amalgamated fishhooks said...

so is it masochism (i know they suck but i'm gonna read the inlay card anyway)?
optimism (some band has to get it right eventually)?
or is it your gambling addiction? you know the house always wins (lyrics suck) but you *feel* due for a winning streak?

Pascal Cretain said...

Thanks Andrew for an excellent conversation starter.

I am a sucker for words, but do have a peculiar connection to lyrics. I usually am not interested in reading the entire lyric sheet and if I feel compatible with the words, I get all I need from either the title alone, or maybe just a tiny part of the lyrics. Oscar Wilde described this attitude nicely: "To know the vintage and quality of a wine, one need not drink the whole cask".

As such, when I heard about a grindcore band named Discordance Axis and their album Inalienable Dreamless, I was sold there and then. I did go ahead and read the entire lyric sheet, but it did not add anything to the experience, as I was already floating in a bizarre, constructed world. Naturally, none of that would have happened if their music did not shred.

I'd also like to mention a couple of European bands that have had similar impact of me; most of these are more hardcore than grind, but here goes:

+ Underule was a short-lived band from the UK that had a single LP out named "misfortune comes by means of the mouth". Lyric sheet was not provided; some titles included "self-destructive leadership" and "never a true word spoken". This album puts me in a very bizarre place. Strongly recommend it, sounds to me like a cross between Stampin' Ground and Morbid Angel.

+ Medulla Nocte was another great band from the UK with a charismatic frontman, Paul Catten, who's now playing in Lazarus Blackstar if I am not mistaken. Paul was going through a lot when he was in Medulla Nocte - think Dwid Integrity - and this really showed in his lyrics and his overall vocal delivery (and of course the live shows). One his songs, "Bleed this illness", reads "my paranoia turns my stomach inside out, you know I'm lethal when I'm left on my own. My self-demise is a proof there's a wrong to mankind. Afflicted, conflicted my emotions self-inflicted. I have no instinct, no answer to this thing. I lie here bleeding. I can't take any more."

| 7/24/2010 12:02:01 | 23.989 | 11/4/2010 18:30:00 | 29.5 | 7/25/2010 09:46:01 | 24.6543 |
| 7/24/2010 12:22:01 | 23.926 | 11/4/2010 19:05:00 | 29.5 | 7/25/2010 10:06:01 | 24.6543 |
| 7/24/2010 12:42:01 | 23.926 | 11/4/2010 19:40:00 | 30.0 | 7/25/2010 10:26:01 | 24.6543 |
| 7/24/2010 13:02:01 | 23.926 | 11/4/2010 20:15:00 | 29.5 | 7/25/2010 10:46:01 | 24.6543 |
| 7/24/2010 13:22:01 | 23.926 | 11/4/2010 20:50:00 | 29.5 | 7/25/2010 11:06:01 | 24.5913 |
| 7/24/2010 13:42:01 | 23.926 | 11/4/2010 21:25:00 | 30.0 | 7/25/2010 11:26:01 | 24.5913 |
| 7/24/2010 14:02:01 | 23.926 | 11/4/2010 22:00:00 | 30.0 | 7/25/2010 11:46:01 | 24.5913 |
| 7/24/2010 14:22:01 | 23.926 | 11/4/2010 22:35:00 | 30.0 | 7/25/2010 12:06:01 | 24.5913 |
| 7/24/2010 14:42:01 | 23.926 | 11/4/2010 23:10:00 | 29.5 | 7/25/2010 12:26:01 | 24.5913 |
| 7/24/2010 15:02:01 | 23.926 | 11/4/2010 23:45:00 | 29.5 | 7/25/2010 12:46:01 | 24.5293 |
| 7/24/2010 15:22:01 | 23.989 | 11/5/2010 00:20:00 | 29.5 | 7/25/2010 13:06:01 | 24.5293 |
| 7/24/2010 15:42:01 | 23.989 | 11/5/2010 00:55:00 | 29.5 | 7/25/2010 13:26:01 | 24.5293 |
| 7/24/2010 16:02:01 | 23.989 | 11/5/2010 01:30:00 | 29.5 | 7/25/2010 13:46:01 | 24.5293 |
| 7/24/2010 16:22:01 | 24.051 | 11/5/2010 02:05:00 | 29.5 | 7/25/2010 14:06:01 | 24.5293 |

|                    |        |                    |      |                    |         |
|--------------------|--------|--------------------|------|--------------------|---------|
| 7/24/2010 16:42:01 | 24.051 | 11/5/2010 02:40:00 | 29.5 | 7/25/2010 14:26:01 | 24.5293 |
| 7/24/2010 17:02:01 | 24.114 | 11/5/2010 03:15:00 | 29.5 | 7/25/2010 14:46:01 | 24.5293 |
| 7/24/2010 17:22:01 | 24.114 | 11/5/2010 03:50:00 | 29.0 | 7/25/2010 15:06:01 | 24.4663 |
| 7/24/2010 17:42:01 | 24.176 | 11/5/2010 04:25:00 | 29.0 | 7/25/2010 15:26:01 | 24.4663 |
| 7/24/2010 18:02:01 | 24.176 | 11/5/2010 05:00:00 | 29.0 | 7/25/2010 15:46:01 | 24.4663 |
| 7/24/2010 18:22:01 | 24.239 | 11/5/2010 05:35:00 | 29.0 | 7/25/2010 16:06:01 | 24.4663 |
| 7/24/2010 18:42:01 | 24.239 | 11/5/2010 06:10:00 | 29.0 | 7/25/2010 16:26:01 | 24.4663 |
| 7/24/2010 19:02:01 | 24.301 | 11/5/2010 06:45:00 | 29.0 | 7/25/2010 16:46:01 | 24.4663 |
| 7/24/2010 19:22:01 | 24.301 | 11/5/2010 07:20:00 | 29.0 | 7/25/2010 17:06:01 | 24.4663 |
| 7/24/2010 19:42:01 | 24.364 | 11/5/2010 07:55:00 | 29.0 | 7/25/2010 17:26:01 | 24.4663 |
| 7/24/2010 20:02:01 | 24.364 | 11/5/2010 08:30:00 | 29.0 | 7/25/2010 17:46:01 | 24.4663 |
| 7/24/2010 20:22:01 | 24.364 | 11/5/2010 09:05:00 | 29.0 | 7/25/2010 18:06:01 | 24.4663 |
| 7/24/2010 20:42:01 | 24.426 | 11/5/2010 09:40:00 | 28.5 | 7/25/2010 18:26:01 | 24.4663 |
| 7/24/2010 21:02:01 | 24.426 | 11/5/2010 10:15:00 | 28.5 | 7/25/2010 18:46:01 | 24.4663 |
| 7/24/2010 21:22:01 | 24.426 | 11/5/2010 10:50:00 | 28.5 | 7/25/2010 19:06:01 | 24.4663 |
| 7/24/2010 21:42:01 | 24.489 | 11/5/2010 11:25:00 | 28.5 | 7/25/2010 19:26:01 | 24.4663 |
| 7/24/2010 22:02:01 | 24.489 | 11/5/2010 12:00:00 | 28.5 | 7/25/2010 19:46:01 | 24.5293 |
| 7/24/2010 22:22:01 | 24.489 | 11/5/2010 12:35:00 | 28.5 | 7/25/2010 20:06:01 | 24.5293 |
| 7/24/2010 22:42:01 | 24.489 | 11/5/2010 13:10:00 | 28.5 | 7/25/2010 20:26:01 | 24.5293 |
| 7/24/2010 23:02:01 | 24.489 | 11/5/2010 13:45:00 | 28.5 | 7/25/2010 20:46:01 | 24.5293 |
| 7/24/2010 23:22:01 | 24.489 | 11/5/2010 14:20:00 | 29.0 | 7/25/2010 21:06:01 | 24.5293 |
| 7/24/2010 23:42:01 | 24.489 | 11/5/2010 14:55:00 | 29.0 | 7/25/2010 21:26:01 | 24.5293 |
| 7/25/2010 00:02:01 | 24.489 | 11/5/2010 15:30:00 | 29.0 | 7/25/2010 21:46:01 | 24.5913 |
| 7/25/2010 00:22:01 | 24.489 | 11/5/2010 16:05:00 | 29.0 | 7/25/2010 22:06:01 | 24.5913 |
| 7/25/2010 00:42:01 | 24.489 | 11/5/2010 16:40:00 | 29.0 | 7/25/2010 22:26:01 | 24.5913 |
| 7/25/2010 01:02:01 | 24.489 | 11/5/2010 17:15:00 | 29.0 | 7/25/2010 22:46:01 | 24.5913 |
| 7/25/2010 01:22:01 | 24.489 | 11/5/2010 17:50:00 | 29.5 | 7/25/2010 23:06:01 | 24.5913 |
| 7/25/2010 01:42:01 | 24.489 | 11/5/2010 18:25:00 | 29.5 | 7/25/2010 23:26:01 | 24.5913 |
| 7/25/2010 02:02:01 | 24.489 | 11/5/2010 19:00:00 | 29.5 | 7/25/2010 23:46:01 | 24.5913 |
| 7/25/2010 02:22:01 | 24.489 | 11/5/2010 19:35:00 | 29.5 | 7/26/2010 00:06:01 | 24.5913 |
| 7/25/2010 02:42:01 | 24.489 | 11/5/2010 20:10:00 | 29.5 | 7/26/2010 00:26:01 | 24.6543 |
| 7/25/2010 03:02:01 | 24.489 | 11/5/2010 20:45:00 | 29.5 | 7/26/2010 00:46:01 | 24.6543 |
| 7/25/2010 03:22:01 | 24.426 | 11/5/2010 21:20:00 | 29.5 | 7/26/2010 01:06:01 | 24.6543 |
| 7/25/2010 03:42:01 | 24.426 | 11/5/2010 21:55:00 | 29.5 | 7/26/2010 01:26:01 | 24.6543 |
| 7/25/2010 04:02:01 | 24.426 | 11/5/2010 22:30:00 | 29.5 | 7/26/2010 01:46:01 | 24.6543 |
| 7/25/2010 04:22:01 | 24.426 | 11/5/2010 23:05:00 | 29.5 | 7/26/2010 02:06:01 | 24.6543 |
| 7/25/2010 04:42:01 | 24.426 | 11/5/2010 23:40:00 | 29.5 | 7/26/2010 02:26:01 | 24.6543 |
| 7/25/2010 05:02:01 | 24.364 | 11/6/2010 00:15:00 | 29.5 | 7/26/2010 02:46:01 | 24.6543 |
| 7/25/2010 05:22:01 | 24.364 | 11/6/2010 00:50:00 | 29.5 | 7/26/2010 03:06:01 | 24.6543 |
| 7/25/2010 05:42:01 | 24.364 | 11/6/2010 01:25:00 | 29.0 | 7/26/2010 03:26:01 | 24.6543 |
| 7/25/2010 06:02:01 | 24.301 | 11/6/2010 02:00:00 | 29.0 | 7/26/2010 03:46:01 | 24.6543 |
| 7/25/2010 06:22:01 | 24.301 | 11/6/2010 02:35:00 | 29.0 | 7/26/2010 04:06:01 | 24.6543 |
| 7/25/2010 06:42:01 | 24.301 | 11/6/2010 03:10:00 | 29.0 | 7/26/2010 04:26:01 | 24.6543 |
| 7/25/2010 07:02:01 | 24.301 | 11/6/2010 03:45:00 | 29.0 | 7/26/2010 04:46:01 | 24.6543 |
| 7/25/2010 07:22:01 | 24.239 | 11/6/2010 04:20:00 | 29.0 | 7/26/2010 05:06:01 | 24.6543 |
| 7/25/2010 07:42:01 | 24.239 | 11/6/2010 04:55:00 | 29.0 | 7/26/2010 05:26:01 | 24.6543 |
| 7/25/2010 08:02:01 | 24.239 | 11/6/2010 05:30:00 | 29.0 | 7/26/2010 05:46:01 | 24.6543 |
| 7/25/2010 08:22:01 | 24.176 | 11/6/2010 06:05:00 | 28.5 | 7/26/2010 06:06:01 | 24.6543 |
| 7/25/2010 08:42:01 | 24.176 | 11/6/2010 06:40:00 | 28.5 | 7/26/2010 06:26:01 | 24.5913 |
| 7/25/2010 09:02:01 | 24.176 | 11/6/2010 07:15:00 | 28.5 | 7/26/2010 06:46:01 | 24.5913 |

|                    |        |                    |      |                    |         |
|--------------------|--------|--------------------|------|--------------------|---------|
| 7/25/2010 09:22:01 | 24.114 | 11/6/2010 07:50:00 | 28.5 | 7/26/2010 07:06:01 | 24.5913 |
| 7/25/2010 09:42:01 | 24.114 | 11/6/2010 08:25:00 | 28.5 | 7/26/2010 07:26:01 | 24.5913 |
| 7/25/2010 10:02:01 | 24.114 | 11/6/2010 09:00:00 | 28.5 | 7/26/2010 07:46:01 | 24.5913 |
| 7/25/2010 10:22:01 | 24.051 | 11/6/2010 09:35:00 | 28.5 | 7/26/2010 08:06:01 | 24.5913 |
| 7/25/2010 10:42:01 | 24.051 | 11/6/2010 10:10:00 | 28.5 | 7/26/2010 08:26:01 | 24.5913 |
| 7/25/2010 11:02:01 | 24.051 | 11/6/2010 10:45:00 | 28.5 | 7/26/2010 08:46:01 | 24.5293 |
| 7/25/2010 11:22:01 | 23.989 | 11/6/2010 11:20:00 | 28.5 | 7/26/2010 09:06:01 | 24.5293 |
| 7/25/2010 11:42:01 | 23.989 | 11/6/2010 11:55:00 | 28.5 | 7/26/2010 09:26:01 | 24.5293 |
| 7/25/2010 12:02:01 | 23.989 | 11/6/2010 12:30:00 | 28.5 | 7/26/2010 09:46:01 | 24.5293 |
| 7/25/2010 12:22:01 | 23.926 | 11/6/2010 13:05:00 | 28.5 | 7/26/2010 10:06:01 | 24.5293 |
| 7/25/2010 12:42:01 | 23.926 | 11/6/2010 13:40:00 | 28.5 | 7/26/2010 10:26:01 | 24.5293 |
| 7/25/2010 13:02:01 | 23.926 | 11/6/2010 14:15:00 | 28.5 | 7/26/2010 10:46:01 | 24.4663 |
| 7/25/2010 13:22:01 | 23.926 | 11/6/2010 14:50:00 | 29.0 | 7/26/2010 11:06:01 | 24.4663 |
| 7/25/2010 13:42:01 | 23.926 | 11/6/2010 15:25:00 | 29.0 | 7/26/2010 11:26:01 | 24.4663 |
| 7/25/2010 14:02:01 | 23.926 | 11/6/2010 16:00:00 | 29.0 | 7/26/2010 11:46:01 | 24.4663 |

+ Sweden's Refused had some excellent lyrics too. These are the starting lines from a track called "The Slayer": "Turn Off, Hail to the deafening. End Life For ego reasoning. Consumer of selfishness, feel it bleed. Death traditions feeds the suffering. Acquire by-products, breed the industry. Modern death camps, feel their suffering"

+ Late(r) Napalm Death lyrics did the trick for me as well: "The wrong time, the wrong place Our smiling face of distrust Buried the seed deep in all our heads Prepared ourselves for the fall."

Andrew Childers said...

fishooks: i guess i'm just an optimist. i'm a romantic like that.

pascal: oh noes! you quoted "greed killing" that's a sure way to conjure jon chang to tell us why diatribes sucks and napalm lost their way post-FETO. (you know i kid, jon)

Ryan Page said...

Conjure is a nice image. Does it work if I rub my hypothetical vinyl copy of "Fear Emptiness Dispair" or does miss honey simply bust through a nightclub looking for the Australian who killed her partner?

Take a second and decode that.

Andrew Childers said...

it's like beetlejuice. if you say "harmony corruption" three times in a row it allows him to cross over into our realm.

Anonymous said...

Great post.

I think Assück's "Misery Index" has the qualities you mention in the intro.
Honorable mention to Nuclear Death for most disturbing lyrics.

Keep up the good work.

206 said...

no way - forward or back
in stalemate we stagnate
life cycle is in automation
instinctively - we race to get ahead
~unfit earth

you know the adage: a fool speaks because he feels the need to say something. barney always had something to say. and in that stretch from harmony to utopia he was the perfect juxtaposition of poignant and succinct. in my mind he is the one by which all other grindcore authors are judged.

my judgment: modern grindcore lyrics are puerile.

Andrew Childers said...

you're tugging at my heart strings there. "unfit earth" is probably my fave harmony corruption song.

also, welcome back.

206 said...

those are from 'the world keeps turning.' not sure how i managed to mangle that but i accept full responsibility. apologies to all involved. cheers.

Andrew Childers said...

doh. you're right. haha. oops. still love unfit earth though.